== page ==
You’ve probably heard confined space horror stories a million times. The person working inside the confined space is performing routine maintenance and becomes unresponsive. The attendant responsible for monitoring the work goes into the confined space to check on the other worker and is overcome by deadly gas. It’s a tragic story of trying to help a co-worker based on gut reaction rather than proper safety protocols. According to OSHA, would-be rescuers make up 60 percent of confined space fatalities. Unfortunately, it’s common for workers serving in the attendant role or “hole watch” to be inexperienced, untrained, or easily distracted by the numerous demands of a worksite. Distractions can come in the form of radio calls, paperwork, talking to coworkers, or even while monitoring multiple confined spaces at one time. These distractions are rampant and increase the need for safety equipment that reduces the likelihood of human error.

Properly training all workers before they work in or around confined spaces is a must, but in reality, not every job is performed under ideal conditions or with enough information about gas hazards. New advances in gas detection equipment take these tragic real-world scenarios to heart and incorporate better communication technology to ensure everyone working around confined spaces will not only hear and see gas alarms, but also know where and why instruments are alarming. These new technologies aim to reduce would-be rescuer fatalities and accidents due to false evacuations. They also facilitate faster emergency response from trained peers in the field, rather than relying on help from a central controller many miles away.

While it’s common for workers to perform atmospheric testing in confined spaces with handheld portable instruments, area monitors with peer-to-peer wireless capability can improve efficiency and safety of confined space operations, particularly those calling for extended, continuous monitoring.

What is LENS™ Wireless?

LENS Wireless is a peer-to-peer communication system that shares information between gas monitors, rather than sending alarm data to a central controller in another location. Area monitors in a peer-to-peer network do not require any infrastructure, IT setup, or a central host to operate. The focus of a peer network is to improve worker safety by being able to instantly deploy and share real-time alarms and gas readings between monitors. Workers are therefore instantly aware of gas hazards on the job site and are empowered to keep watch over one another during dangerous jobs such as confined space entries.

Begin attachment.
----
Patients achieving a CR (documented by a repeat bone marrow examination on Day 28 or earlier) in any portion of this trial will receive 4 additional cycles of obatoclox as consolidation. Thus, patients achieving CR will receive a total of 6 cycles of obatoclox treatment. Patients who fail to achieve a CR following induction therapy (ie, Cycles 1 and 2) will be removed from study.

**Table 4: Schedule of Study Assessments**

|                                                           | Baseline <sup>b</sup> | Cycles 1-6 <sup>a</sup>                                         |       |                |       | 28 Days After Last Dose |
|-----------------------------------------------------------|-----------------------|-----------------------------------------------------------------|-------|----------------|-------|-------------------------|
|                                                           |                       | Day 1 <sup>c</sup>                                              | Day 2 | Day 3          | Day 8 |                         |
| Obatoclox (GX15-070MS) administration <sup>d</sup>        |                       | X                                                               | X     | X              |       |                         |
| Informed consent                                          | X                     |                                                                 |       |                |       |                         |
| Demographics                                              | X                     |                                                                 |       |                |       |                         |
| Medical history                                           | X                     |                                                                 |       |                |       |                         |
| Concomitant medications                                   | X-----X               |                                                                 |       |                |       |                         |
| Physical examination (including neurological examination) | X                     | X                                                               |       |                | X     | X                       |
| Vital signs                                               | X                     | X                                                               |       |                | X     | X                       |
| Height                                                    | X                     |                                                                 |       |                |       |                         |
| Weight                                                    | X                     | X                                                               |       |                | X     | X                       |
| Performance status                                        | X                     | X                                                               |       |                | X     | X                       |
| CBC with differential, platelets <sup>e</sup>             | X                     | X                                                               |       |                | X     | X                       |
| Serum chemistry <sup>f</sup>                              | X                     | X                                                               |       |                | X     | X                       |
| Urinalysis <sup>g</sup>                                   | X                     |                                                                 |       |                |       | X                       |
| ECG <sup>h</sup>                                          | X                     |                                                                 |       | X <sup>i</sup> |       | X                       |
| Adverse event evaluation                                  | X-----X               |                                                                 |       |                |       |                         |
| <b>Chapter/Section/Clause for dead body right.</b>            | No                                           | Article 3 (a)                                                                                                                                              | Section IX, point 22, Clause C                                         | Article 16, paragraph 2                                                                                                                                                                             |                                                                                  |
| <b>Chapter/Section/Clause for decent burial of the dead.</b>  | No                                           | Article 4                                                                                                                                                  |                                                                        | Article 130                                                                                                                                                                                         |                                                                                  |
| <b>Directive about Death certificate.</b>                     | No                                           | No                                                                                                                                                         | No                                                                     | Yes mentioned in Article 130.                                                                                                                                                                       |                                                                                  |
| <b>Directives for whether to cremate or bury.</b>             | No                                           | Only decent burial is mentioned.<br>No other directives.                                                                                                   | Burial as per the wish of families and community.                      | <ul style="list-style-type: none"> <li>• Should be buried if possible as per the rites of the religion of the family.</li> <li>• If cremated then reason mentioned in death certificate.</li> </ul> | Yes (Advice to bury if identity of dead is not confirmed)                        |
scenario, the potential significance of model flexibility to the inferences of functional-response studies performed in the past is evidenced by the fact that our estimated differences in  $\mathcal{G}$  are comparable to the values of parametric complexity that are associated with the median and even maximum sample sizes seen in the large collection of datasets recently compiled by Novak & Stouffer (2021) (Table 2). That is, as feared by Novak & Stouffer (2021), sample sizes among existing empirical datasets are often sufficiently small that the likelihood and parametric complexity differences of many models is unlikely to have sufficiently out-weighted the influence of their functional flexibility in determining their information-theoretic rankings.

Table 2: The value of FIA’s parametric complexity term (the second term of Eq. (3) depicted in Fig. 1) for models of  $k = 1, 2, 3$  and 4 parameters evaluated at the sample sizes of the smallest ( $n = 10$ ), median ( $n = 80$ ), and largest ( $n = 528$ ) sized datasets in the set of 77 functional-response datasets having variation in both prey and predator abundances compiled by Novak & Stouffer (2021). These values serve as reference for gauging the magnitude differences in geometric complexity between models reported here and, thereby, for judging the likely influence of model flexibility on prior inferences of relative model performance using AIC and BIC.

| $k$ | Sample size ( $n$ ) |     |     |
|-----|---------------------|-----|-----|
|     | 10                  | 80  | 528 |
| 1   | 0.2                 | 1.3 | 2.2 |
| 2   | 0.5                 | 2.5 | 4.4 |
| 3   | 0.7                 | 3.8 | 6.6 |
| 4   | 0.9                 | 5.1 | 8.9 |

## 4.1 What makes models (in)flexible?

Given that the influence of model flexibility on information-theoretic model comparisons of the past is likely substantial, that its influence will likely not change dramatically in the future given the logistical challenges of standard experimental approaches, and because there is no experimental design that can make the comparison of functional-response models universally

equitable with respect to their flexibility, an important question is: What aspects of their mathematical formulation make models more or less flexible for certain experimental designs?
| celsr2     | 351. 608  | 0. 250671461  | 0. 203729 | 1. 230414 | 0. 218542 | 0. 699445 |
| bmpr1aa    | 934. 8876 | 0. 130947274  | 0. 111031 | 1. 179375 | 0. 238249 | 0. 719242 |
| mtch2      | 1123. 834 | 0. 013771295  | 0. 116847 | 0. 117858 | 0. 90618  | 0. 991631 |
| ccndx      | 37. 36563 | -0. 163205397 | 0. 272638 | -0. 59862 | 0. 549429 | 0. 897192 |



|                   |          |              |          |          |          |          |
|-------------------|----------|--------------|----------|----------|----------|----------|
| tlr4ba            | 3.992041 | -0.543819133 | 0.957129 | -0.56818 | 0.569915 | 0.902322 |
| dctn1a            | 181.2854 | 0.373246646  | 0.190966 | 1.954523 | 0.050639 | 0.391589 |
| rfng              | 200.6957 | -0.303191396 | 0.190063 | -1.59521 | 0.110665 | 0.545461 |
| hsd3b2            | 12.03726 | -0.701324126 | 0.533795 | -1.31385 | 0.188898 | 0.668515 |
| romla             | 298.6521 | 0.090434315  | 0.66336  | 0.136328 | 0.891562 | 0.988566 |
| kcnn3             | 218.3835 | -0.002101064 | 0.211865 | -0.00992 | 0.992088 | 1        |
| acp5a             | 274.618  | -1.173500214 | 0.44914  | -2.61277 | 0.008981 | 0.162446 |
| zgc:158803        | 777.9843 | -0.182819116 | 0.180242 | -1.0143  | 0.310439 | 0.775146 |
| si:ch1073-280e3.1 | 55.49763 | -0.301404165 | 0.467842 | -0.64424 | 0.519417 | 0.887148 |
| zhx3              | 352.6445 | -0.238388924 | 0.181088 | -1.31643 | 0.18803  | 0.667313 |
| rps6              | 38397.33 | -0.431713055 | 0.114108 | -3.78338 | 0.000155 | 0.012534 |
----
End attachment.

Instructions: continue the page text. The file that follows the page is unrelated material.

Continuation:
Where Area Monitors with Peer-to-Peer Wireless Win

Monitoring Multiple Confined Spaces:

According to OSHA standards, 1910.146(d)(6) Attendants may be assigned to monitor more than one permit space provided the duties described in paragraph (i) of this section can be effectively performed for each permit space that is monitored. Likewise, attendants may be stationed at any location outside the permit space to be monitored as long as the duties described in paragraph (i) of this section can be effectively performed for each permit space that is monitored.” While OSHA’s rule says that watching multiple confined spaces at one time is acceptable, choosing the right gas detection tool is imperative.radius-screens

Area monitors that offer a large display, clear alarms, and long run times can exceed regulatory requirements, while adding wireless communication can increase the effectiveness and efficiency of safety programs. For example, if area monitors are placed outside confined spaces with tubing to draw samples from inside the space or are placed inside the confined space, they can relay the gas readings to other connected instruments. That allows the attendant the flexibility to monitor what’s happening from any other connected instrument. If one instrument goes into alarm, all connected units will go into alarm. The attendant will know exactly where the problem is because it’s visible on the instrument display. For example, the images to the right show the readings for two Radius BZ1 Area Monitors. The top monitor, within the confined space, is in alarm because of high H2S levels. The bottom monitor, which is placed near the attendant, shows a peer alarm indicating that there is high H2S in Area_001.

Having this information lets the attendant know that it’s unsafe to enter the confined space without taking proper safety precautions and that the entrant should be evacuated. This is an example of how the equipment helps to bridge the gap for inexperienced or untrained workers. The area monitor loudly and clearly communicates the hazard so there is little need for interpretation or ambiguity. In addition to the gas reading and high alarm icon, the attendant will know the difference between high alarms, low alarms, and maintenance reminders thanks to varying tones and different flashing colors that correspond to each alarm level. For example, flashing red means evacuate (high alarm), red and blue means approach with caution (low alarm), and blue means the instrument needs attention (low battery, calibration due, etc.) These communication mechanisms, combined with peer-to-peer wireless, help reduce false evacuations and better prepare workers for gas hazards around confined spaces.

Stay tuned for our next post in the Confined Spaces Series! Want to know when we have a new post? Subscribe to The Monitor to get our latest updates!


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